If developers were interested in the project, they likely couldn’t just grab a few investors and cobble together $500 million or even $200 million. Developers have enough trouble getting together $50 million, as Blumenfeld first did with the $44 million Divine Lorraine. Barzilay said projects of the magnitude of the SS United States often require partnering with banks, a sector usually unwilling to take risky gambles. Or government. Publicly-funded Lincoln Financial Field, for instance, cost $512 million.

What I don’t understand is why the ship couldn’t be rehabilitated in stages? It’s too daunting to redevelop at once, fine. Why not start with the first quarter of the ship? Anchor it permanently somewhere in the Delaware. The Port Authority (or whomever has the power) grants a permanent tax-free birth for the ship to eliminate the monthly fees. Construct high rise mixed-use towers around it to generate density along Columbus Boulevard. The deck and everything above gets a facelift and restaurants, bars, park space, etc. Then sometime later you go below deck to continue the process. I’d be curious to learn what the problems with this would be.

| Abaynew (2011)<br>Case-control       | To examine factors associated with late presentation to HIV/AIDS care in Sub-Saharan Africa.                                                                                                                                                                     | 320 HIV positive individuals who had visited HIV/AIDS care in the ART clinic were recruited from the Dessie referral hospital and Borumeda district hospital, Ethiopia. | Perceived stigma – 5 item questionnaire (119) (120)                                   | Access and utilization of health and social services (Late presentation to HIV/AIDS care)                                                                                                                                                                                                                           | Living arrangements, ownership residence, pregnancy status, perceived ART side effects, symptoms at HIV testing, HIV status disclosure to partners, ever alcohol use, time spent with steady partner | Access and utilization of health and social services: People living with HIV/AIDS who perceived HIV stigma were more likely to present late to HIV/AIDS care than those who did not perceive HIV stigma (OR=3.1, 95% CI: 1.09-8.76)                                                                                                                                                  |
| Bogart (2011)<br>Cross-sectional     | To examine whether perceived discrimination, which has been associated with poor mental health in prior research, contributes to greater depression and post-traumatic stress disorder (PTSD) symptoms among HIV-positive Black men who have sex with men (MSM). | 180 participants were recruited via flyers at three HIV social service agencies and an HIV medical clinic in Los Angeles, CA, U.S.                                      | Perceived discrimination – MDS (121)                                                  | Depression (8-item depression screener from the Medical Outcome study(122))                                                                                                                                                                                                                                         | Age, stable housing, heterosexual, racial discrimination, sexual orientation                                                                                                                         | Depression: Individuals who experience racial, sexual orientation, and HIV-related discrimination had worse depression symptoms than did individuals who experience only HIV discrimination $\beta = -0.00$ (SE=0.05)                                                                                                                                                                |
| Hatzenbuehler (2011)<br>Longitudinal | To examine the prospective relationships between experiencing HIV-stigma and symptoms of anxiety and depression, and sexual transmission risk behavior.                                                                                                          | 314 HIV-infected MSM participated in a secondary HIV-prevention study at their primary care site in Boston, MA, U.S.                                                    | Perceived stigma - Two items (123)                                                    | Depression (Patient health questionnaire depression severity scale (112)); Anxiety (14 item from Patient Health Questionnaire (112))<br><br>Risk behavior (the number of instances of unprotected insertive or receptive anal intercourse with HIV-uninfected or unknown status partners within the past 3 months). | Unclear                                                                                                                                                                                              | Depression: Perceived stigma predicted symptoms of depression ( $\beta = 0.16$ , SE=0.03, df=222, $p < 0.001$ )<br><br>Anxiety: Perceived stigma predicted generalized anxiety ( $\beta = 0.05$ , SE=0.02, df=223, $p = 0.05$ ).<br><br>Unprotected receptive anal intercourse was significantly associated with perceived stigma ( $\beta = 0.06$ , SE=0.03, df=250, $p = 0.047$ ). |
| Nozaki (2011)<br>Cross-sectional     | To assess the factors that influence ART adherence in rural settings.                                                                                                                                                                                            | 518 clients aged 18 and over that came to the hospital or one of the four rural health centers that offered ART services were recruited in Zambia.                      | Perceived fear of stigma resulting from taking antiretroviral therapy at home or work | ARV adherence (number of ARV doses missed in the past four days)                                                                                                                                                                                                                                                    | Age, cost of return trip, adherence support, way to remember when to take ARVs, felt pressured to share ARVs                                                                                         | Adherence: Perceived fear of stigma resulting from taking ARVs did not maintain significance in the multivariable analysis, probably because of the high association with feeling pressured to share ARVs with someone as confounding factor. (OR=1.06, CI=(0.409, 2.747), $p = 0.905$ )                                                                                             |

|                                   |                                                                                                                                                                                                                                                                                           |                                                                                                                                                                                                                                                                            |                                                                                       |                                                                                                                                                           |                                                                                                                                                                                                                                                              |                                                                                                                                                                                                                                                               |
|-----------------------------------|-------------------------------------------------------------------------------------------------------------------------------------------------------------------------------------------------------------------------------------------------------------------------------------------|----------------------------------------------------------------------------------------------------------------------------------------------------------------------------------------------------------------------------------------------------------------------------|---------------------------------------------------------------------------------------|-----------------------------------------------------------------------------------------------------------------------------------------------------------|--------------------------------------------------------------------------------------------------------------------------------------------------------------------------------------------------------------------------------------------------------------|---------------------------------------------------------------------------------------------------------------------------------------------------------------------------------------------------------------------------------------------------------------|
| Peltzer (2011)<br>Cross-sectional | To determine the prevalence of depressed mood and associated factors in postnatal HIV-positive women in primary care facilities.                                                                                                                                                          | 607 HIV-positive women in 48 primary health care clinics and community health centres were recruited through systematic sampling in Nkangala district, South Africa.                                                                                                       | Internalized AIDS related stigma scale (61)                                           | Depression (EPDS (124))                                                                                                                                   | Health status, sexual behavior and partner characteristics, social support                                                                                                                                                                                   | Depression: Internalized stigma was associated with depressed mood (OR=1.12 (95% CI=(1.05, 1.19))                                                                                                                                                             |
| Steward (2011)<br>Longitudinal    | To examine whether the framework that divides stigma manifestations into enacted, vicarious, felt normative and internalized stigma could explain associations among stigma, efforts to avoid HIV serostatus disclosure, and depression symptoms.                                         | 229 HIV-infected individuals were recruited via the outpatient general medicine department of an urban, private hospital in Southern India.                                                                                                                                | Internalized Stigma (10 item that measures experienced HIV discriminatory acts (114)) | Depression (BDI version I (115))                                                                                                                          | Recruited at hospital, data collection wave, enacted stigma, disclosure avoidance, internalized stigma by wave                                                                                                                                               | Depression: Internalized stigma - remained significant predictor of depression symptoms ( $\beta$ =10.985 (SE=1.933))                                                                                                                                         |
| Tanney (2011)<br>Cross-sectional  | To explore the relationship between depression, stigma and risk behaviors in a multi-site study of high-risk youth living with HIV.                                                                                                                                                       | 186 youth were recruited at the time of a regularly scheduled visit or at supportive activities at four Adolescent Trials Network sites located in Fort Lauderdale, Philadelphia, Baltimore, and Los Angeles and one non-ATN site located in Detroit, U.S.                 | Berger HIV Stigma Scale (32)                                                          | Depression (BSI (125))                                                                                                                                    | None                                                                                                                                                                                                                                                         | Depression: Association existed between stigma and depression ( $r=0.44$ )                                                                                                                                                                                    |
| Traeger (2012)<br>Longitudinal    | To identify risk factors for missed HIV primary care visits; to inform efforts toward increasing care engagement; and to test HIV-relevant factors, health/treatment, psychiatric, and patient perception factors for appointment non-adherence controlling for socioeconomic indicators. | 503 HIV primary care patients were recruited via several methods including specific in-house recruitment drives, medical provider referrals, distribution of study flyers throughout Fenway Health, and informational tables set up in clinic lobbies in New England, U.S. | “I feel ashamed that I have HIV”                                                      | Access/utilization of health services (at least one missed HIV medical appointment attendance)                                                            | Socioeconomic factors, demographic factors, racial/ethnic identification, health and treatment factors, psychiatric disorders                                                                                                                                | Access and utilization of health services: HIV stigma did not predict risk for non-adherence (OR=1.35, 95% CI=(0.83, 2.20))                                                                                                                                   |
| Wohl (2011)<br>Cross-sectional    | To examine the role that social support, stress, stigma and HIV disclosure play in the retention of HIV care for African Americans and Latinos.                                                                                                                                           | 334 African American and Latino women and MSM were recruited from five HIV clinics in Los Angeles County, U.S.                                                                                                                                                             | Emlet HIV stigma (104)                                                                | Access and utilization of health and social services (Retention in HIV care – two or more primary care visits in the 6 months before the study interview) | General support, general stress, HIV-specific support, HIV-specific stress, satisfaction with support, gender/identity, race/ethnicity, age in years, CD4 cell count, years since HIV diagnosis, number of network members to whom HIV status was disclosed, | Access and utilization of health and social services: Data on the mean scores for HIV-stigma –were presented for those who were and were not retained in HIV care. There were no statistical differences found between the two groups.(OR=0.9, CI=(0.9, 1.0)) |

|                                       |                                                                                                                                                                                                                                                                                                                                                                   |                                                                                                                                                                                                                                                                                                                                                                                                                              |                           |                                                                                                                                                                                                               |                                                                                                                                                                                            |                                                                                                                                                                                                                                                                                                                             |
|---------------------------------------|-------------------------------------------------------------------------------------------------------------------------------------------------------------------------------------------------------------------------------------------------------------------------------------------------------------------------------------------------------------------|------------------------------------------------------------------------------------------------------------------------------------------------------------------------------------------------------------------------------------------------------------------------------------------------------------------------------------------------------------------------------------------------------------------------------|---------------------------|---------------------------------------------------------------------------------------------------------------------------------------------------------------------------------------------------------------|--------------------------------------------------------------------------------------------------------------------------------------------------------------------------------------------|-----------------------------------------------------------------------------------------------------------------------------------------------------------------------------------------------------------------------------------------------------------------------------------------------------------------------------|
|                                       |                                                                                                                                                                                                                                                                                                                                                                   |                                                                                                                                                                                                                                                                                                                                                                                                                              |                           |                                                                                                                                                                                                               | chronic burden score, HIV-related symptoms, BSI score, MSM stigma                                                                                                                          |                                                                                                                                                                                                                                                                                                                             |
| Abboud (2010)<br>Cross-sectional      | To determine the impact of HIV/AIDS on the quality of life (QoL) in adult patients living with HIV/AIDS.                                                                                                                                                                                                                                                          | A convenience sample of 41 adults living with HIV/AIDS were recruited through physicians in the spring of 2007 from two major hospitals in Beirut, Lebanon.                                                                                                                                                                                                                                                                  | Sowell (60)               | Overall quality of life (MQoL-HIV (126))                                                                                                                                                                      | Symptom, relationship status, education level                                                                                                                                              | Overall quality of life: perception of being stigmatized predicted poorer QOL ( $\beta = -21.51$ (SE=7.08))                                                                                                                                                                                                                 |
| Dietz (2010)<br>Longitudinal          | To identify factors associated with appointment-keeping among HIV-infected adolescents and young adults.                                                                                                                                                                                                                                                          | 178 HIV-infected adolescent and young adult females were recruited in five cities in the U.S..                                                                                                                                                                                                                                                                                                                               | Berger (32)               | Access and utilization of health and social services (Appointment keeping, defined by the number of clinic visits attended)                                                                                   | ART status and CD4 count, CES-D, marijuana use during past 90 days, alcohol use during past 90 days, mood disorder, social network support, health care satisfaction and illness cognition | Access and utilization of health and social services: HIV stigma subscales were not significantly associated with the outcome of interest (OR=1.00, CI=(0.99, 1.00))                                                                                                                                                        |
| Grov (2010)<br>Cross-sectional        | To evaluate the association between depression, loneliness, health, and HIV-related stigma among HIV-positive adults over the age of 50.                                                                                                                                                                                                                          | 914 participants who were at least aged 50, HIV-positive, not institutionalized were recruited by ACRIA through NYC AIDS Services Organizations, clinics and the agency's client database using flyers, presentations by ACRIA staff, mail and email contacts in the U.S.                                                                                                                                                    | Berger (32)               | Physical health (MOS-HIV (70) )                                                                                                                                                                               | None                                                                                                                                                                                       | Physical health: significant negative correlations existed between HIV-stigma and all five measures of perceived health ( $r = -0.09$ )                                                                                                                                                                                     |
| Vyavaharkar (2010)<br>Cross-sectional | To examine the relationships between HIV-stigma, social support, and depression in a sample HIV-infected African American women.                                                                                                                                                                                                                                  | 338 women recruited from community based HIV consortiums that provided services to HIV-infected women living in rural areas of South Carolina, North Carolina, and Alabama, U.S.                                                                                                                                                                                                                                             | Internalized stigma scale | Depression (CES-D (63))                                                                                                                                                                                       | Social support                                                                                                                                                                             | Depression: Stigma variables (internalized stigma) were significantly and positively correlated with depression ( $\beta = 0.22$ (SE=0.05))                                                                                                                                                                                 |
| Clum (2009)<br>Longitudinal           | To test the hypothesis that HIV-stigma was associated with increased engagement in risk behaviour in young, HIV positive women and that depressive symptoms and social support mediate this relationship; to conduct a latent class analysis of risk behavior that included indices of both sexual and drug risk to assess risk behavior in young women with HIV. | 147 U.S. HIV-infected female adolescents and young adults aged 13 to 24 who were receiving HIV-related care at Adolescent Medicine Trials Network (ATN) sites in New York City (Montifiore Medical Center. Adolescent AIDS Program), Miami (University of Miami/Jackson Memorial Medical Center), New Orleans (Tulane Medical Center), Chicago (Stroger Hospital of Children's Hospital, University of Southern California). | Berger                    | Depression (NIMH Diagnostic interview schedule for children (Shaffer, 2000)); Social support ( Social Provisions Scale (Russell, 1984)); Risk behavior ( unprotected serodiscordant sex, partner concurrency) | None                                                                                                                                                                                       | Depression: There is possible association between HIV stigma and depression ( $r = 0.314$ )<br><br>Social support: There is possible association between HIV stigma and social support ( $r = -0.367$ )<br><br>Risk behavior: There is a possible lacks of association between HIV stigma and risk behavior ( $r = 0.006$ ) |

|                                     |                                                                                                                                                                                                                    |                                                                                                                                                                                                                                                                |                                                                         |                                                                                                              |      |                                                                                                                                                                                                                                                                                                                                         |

Or scrap her.

Really good elevator music

Check out Yowei Shaw‘s Really Good Elevator Music project. The Atlantic a while back did a profile of Shaw and the project’s purpose, which tries to answer the question, “What if we could make elevator music that manipulates human behavior for a pro-social cause, audio that promotes community?” Context:

In the 1930s and 1940s, the executives behind Muzak — the bland background noise piped into hotel lobbies, malls, and elevators — adopted a slogan touting their social engineering capabilities: “Muzak While You Work for Increased Efficiency.” A carefully calibrated playlist with increasing tempo promised to make factory workers more productive, while slower, easy-listening tunes claimed to encourage shoppers to take their time.